The Windows

Turret Arch

The first side road you’ll come to when driving back into the park will take you to the Windows Section. At the end of this road is a parking area from which you can hike to several amazing natural arches: Double Arch, Parade of Elephants (not an arch but still cool to see), Turret Arch, North Window, and South Window. Set aside at least a couple of hours and visit them all. This area of the park is a great place to watch the sunset. Again, be sure to have a flashlight or headlamp with you; it’s easy to get caught admiring the fading light off in the distance and then find yourself a mile or so away from the car in the dark—we speak of this from experience :).

Tower Arch

If you’d like to get off the main road and away from the crowds, Tower Arch is a great destination. An eight-mile drive down the well-maintained, unpaved Salt Valley Road takes you to the Klondike Bluffs parking lot and the trailhead for Tower Arch. The beginning of the trail is steep, then levels off as you hike through rock formations and a small area of sand dunes, following cairns most of the way. Listed as a difficult trail on the NPS website, we’d consider the 3.4-mile roundtrip hike more of a moderate trek through an amazing landscape. And Tower Arch is pretty spectacular, too.

Tower Arch

Park Avenue

The trailhead for this hike is at the first parking area you’ll come to on your left when driving into the park from the visitor center. The trail is an easy, .9-mile hike one way. From the Park Avenue parking area, you’ll descend about 300 feet in elevation as you walk through a beautiful canyon. Continue following the dry wash to reach the park road at Courthouse Towers. Some hikers arrange for a shuttle driver to pick them up here and drive them back to their car. Alternatively, you can retrace your path for a 1.8-mile round trip. The trail is usually crowded, but it’s still worth doing.

Petroglyphs in the park

One of the finest petroglyph panels we’ve seen is in Arches National Park along the trail to Delicate Arch. Fight the urge to charge forward toward the arch and skip this site; it’s definitely worth the extra time. The Ute rock art panel is about 300 years old and a short walk from the trailhead parking lot. Watch for the sign along the trail and take the short detour to see this magnificent site.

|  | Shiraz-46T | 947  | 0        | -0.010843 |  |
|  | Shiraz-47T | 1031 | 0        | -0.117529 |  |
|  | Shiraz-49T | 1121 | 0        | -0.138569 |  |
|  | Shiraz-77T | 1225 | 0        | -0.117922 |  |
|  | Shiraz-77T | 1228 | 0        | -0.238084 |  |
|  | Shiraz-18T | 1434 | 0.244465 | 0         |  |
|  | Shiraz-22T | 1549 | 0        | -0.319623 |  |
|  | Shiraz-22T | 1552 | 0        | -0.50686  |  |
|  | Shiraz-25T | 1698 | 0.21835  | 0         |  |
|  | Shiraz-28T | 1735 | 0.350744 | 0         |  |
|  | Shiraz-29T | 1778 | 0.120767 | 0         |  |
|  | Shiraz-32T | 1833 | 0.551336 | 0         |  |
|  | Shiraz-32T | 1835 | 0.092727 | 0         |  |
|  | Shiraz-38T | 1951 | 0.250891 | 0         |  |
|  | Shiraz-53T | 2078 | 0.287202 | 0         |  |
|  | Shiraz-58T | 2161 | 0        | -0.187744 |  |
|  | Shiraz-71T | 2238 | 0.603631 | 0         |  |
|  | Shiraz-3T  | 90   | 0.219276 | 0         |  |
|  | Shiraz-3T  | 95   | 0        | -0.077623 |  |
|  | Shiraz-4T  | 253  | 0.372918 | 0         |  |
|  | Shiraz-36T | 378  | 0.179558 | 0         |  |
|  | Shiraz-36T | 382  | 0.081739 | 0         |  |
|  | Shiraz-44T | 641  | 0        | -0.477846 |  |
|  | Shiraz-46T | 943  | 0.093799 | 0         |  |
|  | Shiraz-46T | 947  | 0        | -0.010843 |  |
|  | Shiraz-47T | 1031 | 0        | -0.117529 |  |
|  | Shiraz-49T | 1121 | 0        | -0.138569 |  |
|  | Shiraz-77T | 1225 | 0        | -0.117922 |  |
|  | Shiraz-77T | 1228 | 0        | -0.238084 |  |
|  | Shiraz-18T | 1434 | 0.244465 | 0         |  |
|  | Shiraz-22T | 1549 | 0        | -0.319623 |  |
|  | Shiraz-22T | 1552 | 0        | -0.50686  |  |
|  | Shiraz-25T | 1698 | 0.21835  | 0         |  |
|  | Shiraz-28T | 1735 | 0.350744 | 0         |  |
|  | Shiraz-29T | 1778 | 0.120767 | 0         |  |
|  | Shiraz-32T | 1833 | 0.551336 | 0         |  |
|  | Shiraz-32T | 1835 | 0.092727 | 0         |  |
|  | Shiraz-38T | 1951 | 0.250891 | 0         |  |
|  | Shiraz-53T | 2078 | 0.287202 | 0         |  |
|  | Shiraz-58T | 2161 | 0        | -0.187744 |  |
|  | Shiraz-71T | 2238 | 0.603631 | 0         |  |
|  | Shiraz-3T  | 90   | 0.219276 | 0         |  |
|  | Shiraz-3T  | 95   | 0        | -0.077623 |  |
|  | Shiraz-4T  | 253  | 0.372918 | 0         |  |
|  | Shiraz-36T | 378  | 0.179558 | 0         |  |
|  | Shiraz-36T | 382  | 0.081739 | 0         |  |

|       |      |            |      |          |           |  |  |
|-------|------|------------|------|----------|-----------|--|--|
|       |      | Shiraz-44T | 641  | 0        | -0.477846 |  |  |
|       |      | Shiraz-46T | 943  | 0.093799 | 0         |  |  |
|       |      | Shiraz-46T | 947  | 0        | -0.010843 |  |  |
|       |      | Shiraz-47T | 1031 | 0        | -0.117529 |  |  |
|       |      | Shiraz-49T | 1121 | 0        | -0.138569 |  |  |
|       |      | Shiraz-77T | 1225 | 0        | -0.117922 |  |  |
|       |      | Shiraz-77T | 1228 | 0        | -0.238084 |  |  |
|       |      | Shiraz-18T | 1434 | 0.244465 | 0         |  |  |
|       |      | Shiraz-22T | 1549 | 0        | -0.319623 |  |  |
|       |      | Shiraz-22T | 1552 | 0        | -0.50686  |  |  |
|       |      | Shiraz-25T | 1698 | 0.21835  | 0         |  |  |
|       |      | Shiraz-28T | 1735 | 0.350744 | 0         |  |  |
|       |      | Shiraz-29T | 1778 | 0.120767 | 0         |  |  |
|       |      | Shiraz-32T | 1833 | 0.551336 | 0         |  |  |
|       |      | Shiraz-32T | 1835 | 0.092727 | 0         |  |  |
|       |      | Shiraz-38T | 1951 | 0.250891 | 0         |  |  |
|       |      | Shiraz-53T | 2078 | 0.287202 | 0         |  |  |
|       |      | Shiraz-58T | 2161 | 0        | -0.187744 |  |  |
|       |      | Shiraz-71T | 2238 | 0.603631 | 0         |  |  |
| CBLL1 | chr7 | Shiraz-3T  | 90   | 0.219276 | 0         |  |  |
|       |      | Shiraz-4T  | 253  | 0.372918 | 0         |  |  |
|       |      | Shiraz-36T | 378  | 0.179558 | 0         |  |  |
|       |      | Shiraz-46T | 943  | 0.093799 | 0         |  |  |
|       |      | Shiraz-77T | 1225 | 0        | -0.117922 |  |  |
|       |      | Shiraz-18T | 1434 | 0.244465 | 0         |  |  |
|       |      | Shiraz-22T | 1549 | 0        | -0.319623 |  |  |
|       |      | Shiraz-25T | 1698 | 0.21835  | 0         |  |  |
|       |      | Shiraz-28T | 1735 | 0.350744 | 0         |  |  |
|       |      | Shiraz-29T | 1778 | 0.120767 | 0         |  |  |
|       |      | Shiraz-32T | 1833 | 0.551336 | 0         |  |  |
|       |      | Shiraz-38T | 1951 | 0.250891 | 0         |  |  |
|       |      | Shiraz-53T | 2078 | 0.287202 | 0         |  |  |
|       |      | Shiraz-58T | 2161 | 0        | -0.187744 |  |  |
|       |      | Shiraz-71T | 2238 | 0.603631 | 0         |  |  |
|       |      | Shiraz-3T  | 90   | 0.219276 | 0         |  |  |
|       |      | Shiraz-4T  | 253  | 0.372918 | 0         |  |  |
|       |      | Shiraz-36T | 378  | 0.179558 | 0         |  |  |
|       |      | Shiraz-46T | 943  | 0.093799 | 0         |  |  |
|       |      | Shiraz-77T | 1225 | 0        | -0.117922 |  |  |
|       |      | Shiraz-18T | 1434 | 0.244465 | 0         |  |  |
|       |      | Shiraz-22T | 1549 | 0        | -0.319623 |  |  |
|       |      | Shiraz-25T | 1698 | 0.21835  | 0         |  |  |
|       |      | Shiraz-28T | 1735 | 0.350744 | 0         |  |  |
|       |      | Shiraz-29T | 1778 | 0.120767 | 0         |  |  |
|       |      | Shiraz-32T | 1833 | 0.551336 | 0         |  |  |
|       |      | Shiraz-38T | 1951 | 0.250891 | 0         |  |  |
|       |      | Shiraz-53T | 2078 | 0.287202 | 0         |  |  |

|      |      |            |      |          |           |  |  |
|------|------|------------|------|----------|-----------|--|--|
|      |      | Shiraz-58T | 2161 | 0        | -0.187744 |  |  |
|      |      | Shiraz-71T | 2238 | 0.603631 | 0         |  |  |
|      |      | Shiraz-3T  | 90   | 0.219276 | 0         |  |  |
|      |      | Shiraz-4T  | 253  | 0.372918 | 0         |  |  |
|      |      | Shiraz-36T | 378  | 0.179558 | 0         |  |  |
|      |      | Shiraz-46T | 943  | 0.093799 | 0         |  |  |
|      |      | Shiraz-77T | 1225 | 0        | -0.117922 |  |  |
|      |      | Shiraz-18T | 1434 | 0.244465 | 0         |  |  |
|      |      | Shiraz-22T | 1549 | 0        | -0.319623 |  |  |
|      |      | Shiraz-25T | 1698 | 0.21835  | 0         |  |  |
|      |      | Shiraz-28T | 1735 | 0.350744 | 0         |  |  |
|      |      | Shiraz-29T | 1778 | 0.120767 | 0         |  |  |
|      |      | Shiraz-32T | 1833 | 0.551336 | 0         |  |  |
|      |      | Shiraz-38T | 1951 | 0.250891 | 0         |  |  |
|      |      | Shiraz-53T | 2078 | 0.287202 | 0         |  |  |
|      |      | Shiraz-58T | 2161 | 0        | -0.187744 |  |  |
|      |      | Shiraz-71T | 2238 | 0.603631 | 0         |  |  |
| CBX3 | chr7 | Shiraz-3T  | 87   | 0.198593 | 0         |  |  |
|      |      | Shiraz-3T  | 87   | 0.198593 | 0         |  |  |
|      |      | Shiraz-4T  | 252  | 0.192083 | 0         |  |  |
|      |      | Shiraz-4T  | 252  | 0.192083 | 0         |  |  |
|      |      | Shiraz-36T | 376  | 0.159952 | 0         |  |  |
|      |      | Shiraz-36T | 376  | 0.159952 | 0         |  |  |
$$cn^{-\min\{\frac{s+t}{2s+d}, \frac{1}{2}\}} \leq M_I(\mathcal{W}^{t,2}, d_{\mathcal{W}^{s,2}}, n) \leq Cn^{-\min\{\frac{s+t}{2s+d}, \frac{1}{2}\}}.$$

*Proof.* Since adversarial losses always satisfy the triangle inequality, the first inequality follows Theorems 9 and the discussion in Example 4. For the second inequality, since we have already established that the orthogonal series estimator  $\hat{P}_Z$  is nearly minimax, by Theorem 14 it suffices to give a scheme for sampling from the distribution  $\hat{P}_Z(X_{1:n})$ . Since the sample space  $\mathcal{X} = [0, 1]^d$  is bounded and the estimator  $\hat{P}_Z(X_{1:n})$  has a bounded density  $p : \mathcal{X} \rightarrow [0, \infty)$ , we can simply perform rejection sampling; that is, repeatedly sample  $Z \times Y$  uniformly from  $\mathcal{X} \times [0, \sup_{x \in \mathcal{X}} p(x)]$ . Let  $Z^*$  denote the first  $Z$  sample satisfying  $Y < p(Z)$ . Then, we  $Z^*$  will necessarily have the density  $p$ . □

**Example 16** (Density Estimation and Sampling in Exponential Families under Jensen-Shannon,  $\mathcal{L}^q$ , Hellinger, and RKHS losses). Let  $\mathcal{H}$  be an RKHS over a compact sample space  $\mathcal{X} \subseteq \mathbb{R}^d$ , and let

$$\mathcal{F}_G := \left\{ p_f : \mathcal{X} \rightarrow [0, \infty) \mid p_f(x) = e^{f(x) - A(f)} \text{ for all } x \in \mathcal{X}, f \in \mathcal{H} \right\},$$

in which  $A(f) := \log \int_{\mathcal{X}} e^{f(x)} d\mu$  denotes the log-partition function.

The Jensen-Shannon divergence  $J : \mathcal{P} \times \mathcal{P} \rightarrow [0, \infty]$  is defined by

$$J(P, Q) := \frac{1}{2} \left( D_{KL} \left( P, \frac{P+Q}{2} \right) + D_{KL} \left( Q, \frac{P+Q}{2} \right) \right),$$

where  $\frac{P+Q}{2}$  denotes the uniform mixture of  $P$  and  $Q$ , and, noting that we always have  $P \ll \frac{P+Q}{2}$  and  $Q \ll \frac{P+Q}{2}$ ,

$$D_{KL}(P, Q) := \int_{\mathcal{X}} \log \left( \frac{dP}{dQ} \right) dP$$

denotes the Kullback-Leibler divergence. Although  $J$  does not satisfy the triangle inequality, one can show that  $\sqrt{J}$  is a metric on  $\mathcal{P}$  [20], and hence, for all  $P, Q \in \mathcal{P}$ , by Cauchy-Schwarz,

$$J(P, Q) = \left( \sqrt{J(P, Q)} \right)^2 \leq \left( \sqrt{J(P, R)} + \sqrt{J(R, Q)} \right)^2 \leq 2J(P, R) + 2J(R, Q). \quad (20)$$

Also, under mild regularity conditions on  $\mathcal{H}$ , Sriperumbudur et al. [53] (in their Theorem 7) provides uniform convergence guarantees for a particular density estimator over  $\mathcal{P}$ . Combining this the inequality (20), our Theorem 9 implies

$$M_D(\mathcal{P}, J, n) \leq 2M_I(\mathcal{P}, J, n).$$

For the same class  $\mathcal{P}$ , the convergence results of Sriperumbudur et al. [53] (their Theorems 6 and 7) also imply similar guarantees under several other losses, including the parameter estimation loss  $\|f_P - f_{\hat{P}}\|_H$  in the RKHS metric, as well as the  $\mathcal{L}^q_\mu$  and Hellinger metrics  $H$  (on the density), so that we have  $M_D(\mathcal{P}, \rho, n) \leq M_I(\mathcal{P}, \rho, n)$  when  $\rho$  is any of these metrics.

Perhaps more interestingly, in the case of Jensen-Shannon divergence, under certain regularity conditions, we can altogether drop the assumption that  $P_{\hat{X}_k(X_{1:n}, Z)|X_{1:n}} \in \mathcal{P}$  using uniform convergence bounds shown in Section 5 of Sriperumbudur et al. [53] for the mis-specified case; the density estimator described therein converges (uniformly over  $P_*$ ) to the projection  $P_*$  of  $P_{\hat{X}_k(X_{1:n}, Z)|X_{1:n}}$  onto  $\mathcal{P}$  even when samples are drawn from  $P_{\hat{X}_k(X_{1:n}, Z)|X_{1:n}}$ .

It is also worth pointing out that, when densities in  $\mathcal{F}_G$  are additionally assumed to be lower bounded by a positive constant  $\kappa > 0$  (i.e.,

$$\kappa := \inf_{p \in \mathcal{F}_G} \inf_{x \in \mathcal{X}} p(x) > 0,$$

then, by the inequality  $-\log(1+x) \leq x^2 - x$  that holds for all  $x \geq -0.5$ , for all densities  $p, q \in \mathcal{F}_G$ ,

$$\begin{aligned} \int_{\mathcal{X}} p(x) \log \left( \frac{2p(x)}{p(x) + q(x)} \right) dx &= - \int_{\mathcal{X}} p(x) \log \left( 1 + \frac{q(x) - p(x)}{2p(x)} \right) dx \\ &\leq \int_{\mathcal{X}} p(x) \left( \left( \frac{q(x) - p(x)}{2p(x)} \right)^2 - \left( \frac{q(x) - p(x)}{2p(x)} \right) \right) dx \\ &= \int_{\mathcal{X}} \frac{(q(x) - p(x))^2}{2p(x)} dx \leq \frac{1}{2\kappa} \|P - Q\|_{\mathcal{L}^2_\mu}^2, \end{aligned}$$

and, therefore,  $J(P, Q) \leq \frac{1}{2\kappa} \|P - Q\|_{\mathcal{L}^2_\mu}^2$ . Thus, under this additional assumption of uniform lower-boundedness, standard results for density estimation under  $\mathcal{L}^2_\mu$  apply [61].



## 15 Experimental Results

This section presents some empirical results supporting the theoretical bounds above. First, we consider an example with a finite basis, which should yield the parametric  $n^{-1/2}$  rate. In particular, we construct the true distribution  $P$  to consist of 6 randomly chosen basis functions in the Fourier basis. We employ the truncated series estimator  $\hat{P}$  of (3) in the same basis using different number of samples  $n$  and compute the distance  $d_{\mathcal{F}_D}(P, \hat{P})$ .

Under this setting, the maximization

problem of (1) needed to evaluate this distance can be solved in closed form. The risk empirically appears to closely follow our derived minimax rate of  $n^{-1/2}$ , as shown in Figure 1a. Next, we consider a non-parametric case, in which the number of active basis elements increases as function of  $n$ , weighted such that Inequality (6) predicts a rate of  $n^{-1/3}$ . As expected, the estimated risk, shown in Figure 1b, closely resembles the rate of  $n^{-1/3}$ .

Petroglyph panel on the way to Delicate Arch

Camping

Devils Garden Campground, 18 miles from the park entrance, is the only campground in the park. You can reserve one of its 51 sites up to six months in advance at www.recreation.gov for dates between March 1 and October 31. The rest of the year, campsites are on a first-come, first-served basis. Go to the park’s camping web page for the latest information about camping at Arches.

Backpacking is also an option; permits are required, and you must get them in person up to seven days in advance at the visitor center. Check out this site for more information about backpacking.

Where to stay

The town of Moab is a five-minute drive south of the park. It has many hotels, and given the popularity of the area, it seems there are a couple of new ones each time we visit. Two pieces of advice: expect to pay higher-than-normal rates, especially from spring to fall, and book early; Moab is a popular place. We’ve stayed at the Hampton Inn in Moab several times and have no complaints. For up-to-date listings of places to stay, check out sites such as TripAdvisor and Expedia. You might also consider looking for a house to rent on Airbnb or VRBO; a couple of years ago, we rented a house close to downtown with another couple and enjoyed having the extra space and the relaxed feel of staying in a home for a few days.

Where to eat

The restaurant scene constantly evolves in Moab. For simple, casual dining we recommend Zax (pizza buffet plus full menu) or Moab Brewery. Both will likely be crowded, so adjust your expectations regarding wait times. If you aren’t traveling with children, consider going straight to the bar areas of these restaurants; this usually works for us as there are often a couple of empty seats available even when there’s a long wait list for a table.

Moab has a food truck park right in the downtown area at 39 W 100 N, which is a dining option with an outdoor vibe. A half of a block away is the stand-alone food truck Quesadilla Mobilla. According to online reviews, Quesadilla Mobilla is supposed to be the best place to eat in Moab. We can’t say for sure because the one time we tried to eat there, the line was so long we gave up and found a less-crowded vendor in the food truck park. If you’re more patient than we are—most people are—you might want to check out their famous quesadillas.

Other attractions close to Arches NP

It’s worth your time to visit the Information Center in downtown Moab to learn about other places to see and activities to do in the area. They’re open seven days a week, 9:00 am to 5;00 pm, except Christmas and Thanksgiving; you’ll find them on the town’s main drag at, 25 E Center Street. You can also go to their website for more information. While there are countless adventure opportunities in the area, we have a few favorites you might want to check out: Canyonlands National Park, Dead Horse Point State Park, the Hidden Valley hike, petroglyph hunting, and the Corona Arch hike.

Double Arch at sunset